Shelby's Guide Blog

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A Choice that Profoundly Changed My Eating Habits

I asked my Ob/Gyn if there was anything I could do to stop the growth and expansion of the fibroids. She assured me that, “Fibroids are very common. You shouldn’t worry. We’ll continue to monitor them. Once you hit menopause they’ll shrink.” The watchful waiting approach was her recommendation. I asked if a change in my diet could play any role in preventing fibroids. Her response was to “Just eat a well-rounded diet. There’s really not much you can do to avoid them since they are so common.” At this point I began to feel that if I wanted to learn more about fibroids it was up to me to do my own research and not rely solely on what the doctor told me. Becoming my own health advocate was pivotal in starting my journey towards optimal health.

The above quote is from a previous post,  "What Motivates You?", where I discuss my concern of dealing with increasing fibroid growths that were a source of intense lower back pain. Their size and multitudes caused a painful pressure. My Ob/Gyn at the time could not offer much of a remedy other than the watchful waiting approach, and the recommendation to eat a well-rounded diet.

Back in 2009, I thought my diet was well rounded. But I had an inkling that I needed to evaluate all the foods I ate and see if there was any link to causing fibroids. Were there dietary changes I could make to stop the continued growth of the fibroids, and push away the underlying fear of a need for a hysterectomy? It was still quite a while until I would be menopausal, (I am still not there yet) which would be the magic trigger to start shrinking the fibroids. I didn’t realize at the time that I would uncover startling information based on scientific research that would cause me to profoundly change my eating habits.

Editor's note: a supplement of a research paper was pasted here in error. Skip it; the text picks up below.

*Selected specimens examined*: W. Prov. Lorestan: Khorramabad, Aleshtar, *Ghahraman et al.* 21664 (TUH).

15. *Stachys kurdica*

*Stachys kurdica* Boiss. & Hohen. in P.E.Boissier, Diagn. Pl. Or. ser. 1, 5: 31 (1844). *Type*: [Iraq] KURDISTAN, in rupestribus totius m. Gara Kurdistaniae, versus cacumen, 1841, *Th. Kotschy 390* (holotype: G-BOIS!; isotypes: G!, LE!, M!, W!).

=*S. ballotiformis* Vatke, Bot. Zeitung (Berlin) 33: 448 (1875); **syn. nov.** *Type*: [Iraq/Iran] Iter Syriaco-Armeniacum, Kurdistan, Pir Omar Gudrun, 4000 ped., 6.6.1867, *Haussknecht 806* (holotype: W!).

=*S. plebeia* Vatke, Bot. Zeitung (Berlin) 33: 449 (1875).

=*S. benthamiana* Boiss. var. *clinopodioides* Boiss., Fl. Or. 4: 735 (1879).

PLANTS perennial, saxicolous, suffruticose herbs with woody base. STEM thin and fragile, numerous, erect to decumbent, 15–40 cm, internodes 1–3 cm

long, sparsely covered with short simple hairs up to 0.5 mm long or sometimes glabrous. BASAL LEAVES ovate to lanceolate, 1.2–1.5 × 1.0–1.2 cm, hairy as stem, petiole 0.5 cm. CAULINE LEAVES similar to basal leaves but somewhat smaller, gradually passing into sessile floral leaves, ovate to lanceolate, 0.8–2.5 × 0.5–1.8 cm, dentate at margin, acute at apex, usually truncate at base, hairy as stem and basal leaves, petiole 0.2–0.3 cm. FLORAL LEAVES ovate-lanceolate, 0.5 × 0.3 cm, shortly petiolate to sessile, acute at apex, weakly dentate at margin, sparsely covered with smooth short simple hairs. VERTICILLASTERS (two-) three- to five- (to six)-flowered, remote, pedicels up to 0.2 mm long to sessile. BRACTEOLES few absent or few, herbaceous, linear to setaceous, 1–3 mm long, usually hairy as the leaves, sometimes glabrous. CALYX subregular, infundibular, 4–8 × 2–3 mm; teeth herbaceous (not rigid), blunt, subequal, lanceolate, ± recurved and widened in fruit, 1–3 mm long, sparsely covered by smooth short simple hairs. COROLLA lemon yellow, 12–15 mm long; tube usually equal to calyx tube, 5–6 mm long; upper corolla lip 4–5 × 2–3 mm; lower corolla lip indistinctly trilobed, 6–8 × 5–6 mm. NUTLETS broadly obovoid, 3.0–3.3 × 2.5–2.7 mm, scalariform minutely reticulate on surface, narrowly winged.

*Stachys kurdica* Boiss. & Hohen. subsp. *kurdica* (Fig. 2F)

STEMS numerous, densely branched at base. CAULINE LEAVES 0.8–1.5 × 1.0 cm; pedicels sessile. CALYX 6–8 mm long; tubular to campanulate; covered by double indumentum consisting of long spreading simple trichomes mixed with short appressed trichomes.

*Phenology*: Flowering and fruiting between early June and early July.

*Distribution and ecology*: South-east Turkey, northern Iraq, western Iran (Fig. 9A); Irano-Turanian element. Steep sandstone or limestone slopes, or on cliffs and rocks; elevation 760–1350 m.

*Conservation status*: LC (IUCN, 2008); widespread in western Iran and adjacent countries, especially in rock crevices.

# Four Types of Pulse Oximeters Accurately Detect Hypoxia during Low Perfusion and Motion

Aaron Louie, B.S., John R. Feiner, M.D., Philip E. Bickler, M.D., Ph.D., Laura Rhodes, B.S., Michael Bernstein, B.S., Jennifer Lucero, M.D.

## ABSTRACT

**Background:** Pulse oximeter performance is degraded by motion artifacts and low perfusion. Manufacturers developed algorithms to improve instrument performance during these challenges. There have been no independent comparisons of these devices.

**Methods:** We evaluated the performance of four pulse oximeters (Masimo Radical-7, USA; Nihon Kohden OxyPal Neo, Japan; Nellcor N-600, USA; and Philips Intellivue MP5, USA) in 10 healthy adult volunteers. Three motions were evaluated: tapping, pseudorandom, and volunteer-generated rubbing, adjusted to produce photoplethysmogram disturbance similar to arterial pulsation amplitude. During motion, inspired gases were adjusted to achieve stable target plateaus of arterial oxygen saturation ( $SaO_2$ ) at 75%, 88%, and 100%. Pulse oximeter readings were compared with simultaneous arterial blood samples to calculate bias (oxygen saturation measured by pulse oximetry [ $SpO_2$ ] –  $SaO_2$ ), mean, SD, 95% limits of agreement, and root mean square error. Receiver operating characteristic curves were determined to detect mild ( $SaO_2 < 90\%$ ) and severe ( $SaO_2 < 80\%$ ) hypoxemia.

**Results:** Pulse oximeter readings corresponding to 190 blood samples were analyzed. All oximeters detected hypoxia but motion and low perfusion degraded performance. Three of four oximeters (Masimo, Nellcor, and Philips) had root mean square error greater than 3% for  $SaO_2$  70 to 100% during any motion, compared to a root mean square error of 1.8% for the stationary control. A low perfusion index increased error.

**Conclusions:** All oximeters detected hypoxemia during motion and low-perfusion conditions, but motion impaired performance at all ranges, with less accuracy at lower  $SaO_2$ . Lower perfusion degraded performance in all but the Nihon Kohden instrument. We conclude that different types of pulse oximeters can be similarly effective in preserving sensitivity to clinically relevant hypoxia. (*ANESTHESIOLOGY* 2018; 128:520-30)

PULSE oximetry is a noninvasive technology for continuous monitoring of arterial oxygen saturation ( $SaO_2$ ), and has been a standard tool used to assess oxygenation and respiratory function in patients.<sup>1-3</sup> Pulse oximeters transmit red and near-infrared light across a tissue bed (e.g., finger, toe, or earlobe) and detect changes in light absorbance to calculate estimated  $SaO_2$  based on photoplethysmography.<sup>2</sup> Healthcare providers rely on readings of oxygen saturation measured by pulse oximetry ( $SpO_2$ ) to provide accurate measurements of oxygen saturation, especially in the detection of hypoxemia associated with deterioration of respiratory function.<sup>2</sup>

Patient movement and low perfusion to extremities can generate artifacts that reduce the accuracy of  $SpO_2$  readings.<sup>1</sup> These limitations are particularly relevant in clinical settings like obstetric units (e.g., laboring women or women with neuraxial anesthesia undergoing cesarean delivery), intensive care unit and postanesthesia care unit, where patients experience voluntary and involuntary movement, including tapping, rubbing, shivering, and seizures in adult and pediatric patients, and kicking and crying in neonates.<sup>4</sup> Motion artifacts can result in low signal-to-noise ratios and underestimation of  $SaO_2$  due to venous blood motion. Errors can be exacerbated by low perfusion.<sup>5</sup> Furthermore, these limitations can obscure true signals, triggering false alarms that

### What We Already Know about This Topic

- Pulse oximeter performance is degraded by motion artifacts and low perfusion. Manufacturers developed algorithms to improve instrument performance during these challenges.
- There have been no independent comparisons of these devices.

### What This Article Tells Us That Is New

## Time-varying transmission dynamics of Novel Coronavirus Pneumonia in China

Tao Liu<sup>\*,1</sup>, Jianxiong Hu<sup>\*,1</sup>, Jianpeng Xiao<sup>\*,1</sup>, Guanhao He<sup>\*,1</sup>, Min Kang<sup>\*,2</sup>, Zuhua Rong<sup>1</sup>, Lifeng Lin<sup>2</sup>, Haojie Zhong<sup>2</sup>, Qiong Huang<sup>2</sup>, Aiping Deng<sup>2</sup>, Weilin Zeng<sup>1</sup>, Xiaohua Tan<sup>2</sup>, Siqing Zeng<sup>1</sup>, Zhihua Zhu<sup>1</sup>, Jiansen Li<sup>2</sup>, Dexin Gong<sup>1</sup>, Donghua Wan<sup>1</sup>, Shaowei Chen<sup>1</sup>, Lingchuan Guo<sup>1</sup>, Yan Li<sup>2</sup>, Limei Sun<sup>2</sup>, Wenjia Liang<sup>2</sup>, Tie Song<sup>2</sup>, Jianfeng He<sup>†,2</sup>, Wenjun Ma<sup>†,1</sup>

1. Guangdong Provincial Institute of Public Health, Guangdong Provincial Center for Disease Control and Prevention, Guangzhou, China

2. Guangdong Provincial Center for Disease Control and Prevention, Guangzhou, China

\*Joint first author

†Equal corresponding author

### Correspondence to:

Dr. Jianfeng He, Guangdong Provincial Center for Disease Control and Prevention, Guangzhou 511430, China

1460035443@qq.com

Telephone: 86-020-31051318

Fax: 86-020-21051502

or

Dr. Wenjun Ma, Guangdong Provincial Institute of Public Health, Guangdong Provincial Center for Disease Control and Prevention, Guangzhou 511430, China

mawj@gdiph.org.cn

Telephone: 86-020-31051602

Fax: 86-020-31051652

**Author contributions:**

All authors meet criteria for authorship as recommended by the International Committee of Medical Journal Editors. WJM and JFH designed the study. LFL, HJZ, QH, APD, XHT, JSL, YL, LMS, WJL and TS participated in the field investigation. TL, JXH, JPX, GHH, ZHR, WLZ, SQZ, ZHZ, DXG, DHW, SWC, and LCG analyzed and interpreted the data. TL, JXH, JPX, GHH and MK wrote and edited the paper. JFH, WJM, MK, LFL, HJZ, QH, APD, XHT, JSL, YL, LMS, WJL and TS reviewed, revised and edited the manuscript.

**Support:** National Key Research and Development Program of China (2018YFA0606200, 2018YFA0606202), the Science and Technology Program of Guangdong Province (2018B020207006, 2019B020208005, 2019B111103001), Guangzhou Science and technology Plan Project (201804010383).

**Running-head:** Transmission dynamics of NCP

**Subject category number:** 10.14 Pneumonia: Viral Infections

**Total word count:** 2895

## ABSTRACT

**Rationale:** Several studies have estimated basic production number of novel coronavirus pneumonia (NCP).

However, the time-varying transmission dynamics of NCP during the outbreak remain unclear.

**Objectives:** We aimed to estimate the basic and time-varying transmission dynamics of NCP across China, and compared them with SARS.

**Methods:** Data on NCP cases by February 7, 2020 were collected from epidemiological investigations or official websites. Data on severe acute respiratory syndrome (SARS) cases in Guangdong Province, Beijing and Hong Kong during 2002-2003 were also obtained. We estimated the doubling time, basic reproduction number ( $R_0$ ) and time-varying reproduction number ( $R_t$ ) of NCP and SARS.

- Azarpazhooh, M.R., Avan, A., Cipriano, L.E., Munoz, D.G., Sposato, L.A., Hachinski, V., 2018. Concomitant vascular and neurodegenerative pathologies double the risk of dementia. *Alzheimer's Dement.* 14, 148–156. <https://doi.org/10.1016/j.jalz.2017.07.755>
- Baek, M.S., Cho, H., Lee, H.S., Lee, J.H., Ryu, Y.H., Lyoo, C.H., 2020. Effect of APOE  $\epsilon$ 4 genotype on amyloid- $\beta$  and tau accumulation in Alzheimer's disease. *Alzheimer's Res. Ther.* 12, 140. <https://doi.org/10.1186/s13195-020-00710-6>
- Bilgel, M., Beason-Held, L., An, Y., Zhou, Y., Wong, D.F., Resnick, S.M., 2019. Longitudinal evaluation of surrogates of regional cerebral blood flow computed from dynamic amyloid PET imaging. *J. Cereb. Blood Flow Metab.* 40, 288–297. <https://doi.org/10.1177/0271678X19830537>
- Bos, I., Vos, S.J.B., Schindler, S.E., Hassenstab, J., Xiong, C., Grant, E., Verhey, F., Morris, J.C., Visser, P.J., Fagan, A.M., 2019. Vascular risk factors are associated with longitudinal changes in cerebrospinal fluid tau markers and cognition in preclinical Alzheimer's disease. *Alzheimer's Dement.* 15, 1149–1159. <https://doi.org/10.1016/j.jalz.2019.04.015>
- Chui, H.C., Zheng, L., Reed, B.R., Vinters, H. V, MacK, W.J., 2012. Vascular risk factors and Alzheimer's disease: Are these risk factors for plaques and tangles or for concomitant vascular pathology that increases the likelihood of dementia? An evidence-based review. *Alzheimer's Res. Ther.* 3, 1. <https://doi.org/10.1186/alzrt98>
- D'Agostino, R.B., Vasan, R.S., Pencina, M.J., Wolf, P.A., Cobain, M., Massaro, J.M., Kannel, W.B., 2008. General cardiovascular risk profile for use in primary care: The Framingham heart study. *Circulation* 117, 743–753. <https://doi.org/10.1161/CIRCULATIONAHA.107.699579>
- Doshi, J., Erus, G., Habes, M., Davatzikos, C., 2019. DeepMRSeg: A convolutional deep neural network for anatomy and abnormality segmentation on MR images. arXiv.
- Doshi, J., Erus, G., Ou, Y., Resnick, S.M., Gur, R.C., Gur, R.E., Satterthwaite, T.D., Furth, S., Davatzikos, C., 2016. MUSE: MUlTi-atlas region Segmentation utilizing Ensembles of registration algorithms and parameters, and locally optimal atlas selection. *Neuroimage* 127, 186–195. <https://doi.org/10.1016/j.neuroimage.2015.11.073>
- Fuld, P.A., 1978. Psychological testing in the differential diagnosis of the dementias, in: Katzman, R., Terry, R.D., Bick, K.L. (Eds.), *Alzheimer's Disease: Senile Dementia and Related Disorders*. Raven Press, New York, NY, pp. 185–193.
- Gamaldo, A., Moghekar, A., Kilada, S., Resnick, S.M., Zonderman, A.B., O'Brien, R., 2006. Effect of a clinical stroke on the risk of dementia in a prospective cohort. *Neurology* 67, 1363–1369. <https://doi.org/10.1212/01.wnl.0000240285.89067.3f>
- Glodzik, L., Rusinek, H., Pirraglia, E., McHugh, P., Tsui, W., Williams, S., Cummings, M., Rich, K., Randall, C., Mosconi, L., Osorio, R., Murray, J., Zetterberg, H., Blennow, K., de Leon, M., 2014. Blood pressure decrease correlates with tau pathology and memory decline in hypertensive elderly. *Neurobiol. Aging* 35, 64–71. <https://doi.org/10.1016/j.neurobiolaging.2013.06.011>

The following is a brief list of what I learned. As I write this I had to do a retrospective search on information that would have been available at the time I started looking back in 2009. My sources are provided.  The evidence is out there, and easily found through Internet searches. It is overwhelming to revisit what I initially learned, it still amazes me how much information is not widely known.  The following does not take into account the knowledge I gained by reading books, watching videos and attending lectures. Below this post are a few links to those books, and videos. I hope that by writing this I can help others in their quest to be healthy.